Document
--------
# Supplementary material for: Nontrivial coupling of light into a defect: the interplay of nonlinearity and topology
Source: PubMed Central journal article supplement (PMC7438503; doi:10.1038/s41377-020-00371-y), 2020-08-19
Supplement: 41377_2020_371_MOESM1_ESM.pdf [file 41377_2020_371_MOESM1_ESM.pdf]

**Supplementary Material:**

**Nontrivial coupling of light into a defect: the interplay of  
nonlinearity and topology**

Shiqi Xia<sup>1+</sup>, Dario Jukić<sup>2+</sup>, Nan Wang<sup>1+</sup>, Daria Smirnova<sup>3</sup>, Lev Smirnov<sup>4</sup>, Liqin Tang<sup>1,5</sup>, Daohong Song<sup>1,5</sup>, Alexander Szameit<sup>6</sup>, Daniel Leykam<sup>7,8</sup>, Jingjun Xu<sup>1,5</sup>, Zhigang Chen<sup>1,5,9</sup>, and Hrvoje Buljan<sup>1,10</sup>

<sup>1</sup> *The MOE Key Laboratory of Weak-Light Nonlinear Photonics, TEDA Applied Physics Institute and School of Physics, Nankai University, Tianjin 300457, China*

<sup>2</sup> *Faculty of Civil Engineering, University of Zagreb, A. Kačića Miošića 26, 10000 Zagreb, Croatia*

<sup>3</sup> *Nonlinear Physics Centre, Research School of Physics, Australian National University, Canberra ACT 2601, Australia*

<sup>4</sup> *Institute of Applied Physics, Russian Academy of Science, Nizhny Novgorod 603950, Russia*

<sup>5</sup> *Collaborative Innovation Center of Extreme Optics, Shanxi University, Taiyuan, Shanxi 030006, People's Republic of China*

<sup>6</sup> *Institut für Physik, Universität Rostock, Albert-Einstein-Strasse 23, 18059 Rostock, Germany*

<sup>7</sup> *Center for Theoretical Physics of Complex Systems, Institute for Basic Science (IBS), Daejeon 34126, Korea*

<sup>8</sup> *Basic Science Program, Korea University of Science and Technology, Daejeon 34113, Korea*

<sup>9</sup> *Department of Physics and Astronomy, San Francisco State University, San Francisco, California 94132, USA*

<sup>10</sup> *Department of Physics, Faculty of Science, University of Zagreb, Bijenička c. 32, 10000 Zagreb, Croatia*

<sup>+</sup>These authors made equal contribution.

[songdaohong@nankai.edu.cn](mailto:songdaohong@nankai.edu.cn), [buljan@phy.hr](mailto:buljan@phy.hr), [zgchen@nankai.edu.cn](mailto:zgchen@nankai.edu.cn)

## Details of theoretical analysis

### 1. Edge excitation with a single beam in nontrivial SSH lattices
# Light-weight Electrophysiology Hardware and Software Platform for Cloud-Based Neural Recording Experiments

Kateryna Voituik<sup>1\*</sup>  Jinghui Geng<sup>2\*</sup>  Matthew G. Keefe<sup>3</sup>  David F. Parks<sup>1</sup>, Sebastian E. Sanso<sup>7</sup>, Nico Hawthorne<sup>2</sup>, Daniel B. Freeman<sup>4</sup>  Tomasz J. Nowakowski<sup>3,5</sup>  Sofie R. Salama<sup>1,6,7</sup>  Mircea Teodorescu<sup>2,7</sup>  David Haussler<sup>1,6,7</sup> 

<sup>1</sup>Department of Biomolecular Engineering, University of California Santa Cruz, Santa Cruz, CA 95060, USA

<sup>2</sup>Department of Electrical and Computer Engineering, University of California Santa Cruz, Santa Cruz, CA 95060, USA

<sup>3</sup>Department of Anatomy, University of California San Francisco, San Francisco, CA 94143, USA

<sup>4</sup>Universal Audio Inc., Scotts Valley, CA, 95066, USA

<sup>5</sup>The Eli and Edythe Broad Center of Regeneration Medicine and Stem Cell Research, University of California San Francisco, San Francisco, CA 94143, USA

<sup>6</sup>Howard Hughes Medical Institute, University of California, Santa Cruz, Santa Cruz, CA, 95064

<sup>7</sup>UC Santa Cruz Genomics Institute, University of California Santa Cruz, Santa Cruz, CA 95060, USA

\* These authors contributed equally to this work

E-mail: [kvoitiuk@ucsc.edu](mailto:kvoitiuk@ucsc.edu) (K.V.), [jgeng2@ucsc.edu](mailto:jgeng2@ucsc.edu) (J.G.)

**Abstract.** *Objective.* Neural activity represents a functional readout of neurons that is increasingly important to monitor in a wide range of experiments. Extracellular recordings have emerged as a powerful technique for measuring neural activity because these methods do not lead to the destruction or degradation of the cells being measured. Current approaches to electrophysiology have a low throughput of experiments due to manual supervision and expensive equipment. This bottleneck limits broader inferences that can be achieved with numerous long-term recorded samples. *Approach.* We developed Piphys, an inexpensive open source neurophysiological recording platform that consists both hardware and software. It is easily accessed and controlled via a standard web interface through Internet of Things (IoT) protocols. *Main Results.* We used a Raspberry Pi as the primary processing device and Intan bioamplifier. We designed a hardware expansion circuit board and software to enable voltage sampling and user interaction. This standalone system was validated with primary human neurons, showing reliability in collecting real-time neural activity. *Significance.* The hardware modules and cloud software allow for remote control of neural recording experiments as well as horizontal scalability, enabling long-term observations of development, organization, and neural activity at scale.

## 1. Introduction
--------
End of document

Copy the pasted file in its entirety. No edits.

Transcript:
# Supplementary material for: Nontrivial coupling of light into a defect: the interplay of nonlinearity and topology
Source: PubMed Central journal article supplement (PMC7438503; doi:10.1038/s41377-020-00371-y), 2020-08-19
Supplement: 41377_2020_371_MOESM1_ESM.pdf [file 41377_2020_371_MOESM1_ESM.pdf]

**Supplementary Material:**

**Nontrivial coupling of light into a defect: the interplay of  
nonlinearity and topology**

Shiqi Xia<sup>1+</sup>, Dario Jukić<sup>2+</sup>, Nan Wang<sup>1+</sup>, Daria Smirnova<sup>3</sup>, Lev Smirnov<sup>4</sup>, Liqin Tang<sup>1,5</sup>, Daohong Song<sup>1,5</sup>, Alexander Szameit<sup>6</sup>, Daniel Leykam<sup>7,8</sup>, Jingjun Xu<sup>1,5</sup>, Zhigang Chen<sup>1,5,9</sup>, and Hrvoje Buljan<sup>1,10</sup>

<sup>1</sup> *The MOE Key Laboratory of Weak-Light Nonlinear Photonics, TEDA Applied Physics Institute and School of Physics, Nankai University, Tianjin 300457, China*

<sup>2</sup> *Faculty of Civil Engineering, University of Zagreb, A. Kačića Miošića 26, 10000 Zagreb, Croatia*

<sup>3</sup> *Nonlinear Physics Centre, Research School of Physics, Australian National University, Canberra ACT 2601, Australia*

<sup>4</sup> *Institute of Applied Physics, Russian Academy of Science, Nizhny Novgorod 603950, Russia*

<sup>5</sup> *Collaborative Innovation Center of Extreme Optics, Shanxi University, Taiyuan, Shanxi 030006, People's Republic of China*

<sup>6</sup> *Institut für Physik, Universität Rostock, Albert-Einstein-Strasse 23, 18059 Rostock, Germany*

<sup>7</sup> *Center for Theoretical Physics of Complex Systems, Institute for Basic Science (IBS), Daejeon 34126, Korea*

<sup>8</sup> *Basic Science Program, Korea University of Science and Technology, Daejeon 34113, Korea*

<sup>9</sup> *Department of Physics and Astronomy, San Francisco State University, San Francisco, California 94132, USA*

<sup>10</sup> *Department of Physics, Faculty of Science, University of Zagreb, Bijenička c. 32, 10000 Zagreb, Croatia*

<sup>+</sup>These authors made equal contribution.

[songdaohong@nankai.edu.cn](mailto:songdaohong@nankai.edu.cn), [buljan@phy.hr](mailto:buljan@phy.hr), [zgchen@nankai.edu.cn](mailto:zgchen@nankai.edu.cn)

## Details of theoretical analysis

### 1. Edge excitation with a single beam in nontrivial SSH lattices
# Light-weight Electrophysiology Hardware and Software Platform for Cloud-Based Neural Recording Experiments

Kateryna Voituik<sup>1\*</sup>  Jinghui Geng<sup>2\*</sup>  Matthew G. Keefe<sup>3</sup>  David F. Parks<sup>1</sup>, Sebastian E. Sanso<sup>7</sup>, Nico Hawthorne<sup>2</sup>, Daniel B. Freeman<sup>4</sup>  Tomasz J. Nowakowski<sup>3,5</sup>  Sofie R. Salama<sup>1,6,7</sup>  Mircea Teodorescu<sup>2,7</sup>  David Haussler<sup>1,6,7</sup> 

<sup>1</sup>Department of Biomolecular Engineering, University of California Santa Cruz, Santa Cruz, CA 95060, USA

<sup>2</sup>Department of Electrical and Computer Engineering, University of California Santa Cruz, Santa Cruz, CA 95060, USA

<sup>3</sup>Department of Anatomy, University of California San Francisco, San Francisco, CA 94143, USA

<sup>4</sup>Universal Audio Inc., Scotts Valley, CA, 95066, USA

<sup>5</sup>The Eli and Edythe Broad Center of Regeneration Medicine and Stem Cell Research, University of California San Francisco, San Francisco, CA 94143, USA

<sup>6</sup>Howard Hughes Medical Institute, University of California, Santa Cruz, Santa Cruz, CA, 95064

<sup>7</sup>UC Santa Cruz Genomics Institute, University of California Santa Cruz, Santa Cruz, CA 95060, USA

\* These authors contributed equally to this work

E-mail: [kvoitiuk@ucsc.edu](mailto:kvoitiuk@ucsc.edu) (K.V.), [jgeng2@ucsc.edu](mailto:jgeng2@ucsc.edu) (J.G.)

**Abstract.** *Objective.* Neural activity represents a functional readout of neurons that is increasingly important to monitor in a wide range of experiments. Extracellular recordings have emerged as a powerful technique for measuring neural activity because these methods do not lead to the destruction or degradation of the cells being measured. Current approaches to electrophysiology have a low throughput of experiments due to manual supervision and expensive equipment. This bottleneck limits broader inferences that can be achieved with numerous long-term recorded samples. *Approach.* We developed Piphys, an inexpensive open source neurophysiological recording platform that consists both hardware and software. It is easily accessed and controlled via a standard web interface through Internet of Things (IoT) protocols. *Main Results.* We used a Raspberry Pi as the primary processing device and Intan bioamplifier. We designed a hardware expansion circuit board and software to enable voltage sampling and user interaction. This standalone system was validated with primary human neurons, showing reliability in collecting real-time neural activity. *Significance.* The hardware modules and cloud software allow for remote control of neural recording experiments as well as horizontal scalability, enabling long-term observations of development, organization, and neural activity at scale.

## 1. Introduction